We'd all love to sell to a large publisher with a huge advance and be on Good Morning America and Oprah. The chances of that happening are slim to none, especially if you write out of the box. Large publishers are reluctant to take a chance on books which don't fit into one of their established slots.
So, you wrote a book and now you want find a home for it. Let's assume you're not interested in self-publishing. Let's also assume you've tried the large publisher route, you're writing something big publishers won't take a chance on, don't have the patience to wait on a big publisher, or you believe ebooks are the wave of the future.
Should you consider a small press or e-publisher and why? Here are some of the pros and cons of small presses to help you make your decision. In this case, I'm referring to small presses that are primarily epubs, as opposed to small presses that do print runs.
Pros (What working with a small press can do for you):
- Provide a viable option for books that don’t fit into a New York slot. (Small pubs can afford to take risks). Many small presses concentrate on niches which aren't served by NY publishers. Equestrian fiction definitely fits into this.
- Gain valuable experience (which can look good to a large publisher).
- Learn to promote your book and yourself.
- Gain experience working with editors and publishers on professional duties such as cover art and edits.
- Prove you can meet deadlines.
- Provide encouragement to finish the book and write more books.
- Build name recognition the publishing business.
- Improve writing and editing skills by working with other authors and your editor.
- Reduce the number of discarded and destroyed paperbacks. GO GREEN!
- Make valuable contacts with other authors and the book publishing industry.
- Build confidence in your writing.
- Enjoy less pressure.
- Enjoy more creative freedom.
- Allowed more time to develop as an author even if your book sales are slow initially.
- Receive more personal attention from publisher and staff (depends on the publisher)
- Easier to find your books, longer “shelf” life, don’t go out of print.
- Have a quicker turnaround from submission to publication.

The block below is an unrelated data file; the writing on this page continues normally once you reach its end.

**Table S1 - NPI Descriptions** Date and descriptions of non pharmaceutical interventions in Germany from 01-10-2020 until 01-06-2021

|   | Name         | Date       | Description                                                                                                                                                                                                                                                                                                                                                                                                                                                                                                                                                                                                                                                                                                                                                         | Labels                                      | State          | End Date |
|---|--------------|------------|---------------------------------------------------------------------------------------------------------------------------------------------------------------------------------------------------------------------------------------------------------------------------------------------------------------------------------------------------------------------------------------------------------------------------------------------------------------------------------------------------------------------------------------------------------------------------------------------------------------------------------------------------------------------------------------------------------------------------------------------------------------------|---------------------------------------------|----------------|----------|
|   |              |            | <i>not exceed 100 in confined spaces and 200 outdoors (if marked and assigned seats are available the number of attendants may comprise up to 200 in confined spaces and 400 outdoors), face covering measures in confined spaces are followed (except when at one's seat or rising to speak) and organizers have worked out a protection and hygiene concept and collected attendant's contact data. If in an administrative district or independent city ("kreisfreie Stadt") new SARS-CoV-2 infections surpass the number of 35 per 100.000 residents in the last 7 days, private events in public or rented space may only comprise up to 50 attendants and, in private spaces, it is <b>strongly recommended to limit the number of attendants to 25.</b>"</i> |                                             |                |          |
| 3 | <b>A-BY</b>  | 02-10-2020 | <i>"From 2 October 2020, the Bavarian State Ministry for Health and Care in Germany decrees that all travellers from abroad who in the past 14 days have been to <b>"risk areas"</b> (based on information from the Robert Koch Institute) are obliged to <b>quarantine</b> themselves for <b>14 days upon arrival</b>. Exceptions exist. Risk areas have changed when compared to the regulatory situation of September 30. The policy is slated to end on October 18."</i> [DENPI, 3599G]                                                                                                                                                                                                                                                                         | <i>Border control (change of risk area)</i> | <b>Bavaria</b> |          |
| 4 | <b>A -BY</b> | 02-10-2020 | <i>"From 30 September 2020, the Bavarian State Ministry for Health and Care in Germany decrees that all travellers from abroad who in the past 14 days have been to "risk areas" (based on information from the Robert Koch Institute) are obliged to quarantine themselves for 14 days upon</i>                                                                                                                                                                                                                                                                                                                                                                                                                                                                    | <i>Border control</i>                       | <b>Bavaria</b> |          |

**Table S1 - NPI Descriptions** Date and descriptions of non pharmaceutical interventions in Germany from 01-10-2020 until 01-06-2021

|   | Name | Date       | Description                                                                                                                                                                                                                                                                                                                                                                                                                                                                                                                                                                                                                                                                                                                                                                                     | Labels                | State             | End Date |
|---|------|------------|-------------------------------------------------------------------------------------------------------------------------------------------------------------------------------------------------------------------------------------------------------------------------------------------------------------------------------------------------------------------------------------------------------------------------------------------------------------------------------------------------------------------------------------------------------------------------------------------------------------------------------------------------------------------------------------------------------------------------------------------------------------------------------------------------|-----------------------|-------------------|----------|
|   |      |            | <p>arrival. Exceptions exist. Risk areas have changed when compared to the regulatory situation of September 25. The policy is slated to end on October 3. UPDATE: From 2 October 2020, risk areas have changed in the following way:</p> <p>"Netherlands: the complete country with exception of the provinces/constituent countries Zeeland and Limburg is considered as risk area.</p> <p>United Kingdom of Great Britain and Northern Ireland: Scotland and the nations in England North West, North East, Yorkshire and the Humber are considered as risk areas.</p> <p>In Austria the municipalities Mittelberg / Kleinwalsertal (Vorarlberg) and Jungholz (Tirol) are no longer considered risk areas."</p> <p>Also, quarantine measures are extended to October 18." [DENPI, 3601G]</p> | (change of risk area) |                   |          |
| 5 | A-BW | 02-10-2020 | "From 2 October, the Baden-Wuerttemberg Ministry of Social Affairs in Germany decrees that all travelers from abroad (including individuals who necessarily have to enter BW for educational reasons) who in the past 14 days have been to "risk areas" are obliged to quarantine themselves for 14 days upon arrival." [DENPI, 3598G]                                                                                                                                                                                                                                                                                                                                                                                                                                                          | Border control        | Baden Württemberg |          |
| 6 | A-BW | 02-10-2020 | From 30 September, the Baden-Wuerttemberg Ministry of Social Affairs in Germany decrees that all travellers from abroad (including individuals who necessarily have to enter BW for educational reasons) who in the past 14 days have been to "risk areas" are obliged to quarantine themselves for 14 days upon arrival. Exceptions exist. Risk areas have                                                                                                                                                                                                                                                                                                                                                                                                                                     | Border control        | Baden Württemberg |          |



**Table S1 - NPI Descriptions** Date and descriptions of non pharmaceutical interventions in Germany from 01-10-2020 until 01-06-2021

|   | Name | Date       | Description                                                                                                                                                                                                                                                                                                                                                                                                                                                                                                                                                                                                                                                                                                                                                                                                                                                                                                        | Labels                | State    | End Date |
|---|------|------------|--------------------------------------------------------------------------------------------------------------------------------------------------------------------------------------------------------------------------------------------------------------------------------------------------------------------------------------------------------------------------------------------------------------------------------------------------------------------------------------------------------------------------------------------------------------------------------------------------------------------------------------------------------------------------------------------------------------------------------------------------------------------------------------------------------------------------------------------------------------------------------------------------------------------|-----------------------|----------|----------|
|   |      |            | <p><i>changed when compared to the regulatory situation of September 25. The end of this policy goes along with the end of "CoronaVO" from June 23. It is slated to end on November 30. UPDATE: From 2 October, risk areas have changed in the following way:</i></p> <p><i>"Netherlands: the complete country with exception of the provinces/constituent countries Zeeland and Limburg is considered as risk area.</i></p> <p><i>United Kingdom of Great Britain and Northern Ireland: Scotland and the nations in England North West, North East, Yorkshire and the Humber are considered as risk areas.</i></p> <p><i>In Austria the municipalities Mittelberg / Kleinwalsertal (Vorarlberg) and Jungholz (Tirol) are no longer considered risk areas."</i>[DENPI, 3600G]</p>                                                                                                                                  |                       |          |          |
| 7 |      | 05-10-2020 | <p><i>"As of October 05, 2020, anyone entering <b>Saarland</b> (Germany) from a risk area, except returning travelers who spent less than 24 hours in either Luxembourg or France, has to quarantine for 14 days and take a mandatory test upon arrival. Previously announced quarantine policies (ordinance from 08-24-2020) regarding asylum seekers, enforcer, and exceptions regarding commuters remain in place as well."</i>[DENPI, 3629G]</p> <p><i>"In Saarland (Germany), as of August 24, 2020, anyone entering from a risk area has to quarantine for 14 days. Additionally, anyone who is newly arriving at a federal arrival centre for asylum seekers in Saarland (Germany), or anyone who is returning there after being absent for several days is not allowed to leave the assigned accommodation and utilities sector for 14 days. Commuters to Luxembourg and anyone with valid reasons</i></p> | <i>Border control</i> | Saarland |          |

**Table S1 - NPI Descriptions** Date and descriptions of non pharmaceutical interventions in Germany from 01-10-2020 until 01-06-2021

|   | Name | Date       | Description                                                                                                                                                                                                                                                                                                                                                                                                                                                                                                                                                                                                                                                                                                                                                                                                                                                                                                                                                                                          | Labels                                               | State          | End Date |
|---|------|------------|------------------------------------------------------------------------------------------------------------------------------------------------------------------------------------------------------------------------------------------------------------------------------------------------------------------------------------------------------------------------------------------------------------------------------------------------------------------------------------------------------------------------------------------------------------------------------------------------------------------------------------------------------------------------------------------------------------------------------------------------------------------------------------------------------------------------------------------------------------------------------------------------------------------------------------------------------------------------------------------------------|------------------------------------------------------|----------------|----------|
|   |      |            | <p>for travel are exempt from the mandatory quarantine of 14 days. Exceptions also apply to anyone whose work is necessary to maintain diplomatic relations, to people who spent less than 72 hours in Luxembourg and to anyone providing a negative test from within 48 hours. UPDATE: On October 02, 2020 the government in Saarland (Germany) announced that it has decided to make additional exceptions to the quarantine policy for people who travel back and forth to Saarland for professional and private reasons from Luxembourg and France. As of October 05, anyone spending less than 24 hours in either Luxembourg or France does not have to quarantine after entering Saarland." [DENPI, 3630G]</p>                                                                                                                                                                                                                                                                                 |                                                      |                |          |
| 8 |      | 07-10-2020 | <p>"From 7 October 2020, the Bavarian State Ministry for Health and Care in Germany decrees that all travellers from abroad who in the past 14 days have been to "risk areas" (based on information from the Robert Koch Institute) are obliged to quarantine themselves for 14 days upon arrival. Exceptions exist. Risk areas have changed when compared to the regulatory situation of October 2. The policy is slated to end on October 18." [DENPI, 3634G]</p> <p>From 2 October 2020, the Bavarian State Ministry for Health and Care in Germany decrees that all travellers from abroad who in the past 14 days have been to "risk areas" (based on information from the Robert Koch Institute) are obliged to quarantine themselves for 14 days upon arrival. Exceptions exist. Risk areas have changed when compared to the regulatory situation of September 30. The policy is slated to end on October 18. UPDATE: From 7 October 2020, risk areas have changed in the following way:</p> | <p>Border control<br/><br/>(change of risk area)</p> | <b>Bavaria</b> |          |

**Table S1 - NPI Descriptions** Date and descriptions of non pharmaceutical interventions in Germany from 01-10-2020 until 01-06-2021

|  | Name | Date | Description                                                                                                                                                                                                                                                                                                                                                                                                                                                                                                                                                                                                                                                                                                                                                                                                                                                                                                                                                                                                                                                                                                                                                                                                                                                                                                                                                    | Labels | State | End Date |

- Write shorter works so you can write more books. You're not expected to write a novel-length book every time.
- Provide another publication outlet for category novels.
- Build a reader base.
- Low pay and royalties, in many cases, considering the time investment by the author.
- Risky if the small press isn’t stable and established. Yet, in this economy, NY is risky as editors move around and lines close all the time. They may tie up your book for a few years and never publish it.
- Time-consuming, as you often perform the tasks large publishers would do for you, such as promotion, blurbs, cover art suggestions, etc.
- Lower quality of editing in some cases.
- Limited chance for the book to be in bookstore because they're usually print on demand and not all small presses send their books to print.
- Requires extensive research of different companies. (Not all small presses are created equal in royalties, editing, and business practices. Talk to authors, do a background check, search the Internet)
- Limited possibilities for booksignings.
- A smaller market of people to buy your book. Even though the Internet should be a large market, it's very hard to target your promotion to the right readers.
- Limited distribution for your book.
- Lack of respect in many circles, including professional writing organizations. You may not be taken seriously by fellow authors and considered more of a hobbiest than a professional author.
- Limited reviews—may be harder to get reviews
- Exclusion from many contests, as you may find yourself in a no-man's land between not published and published.
- Print-on-demand books costs 2 to 3 times more than regular pocket novels.
- Expectation that you will write more books than you would with a larger press.
Next week, I'll discuss how to pick a small press.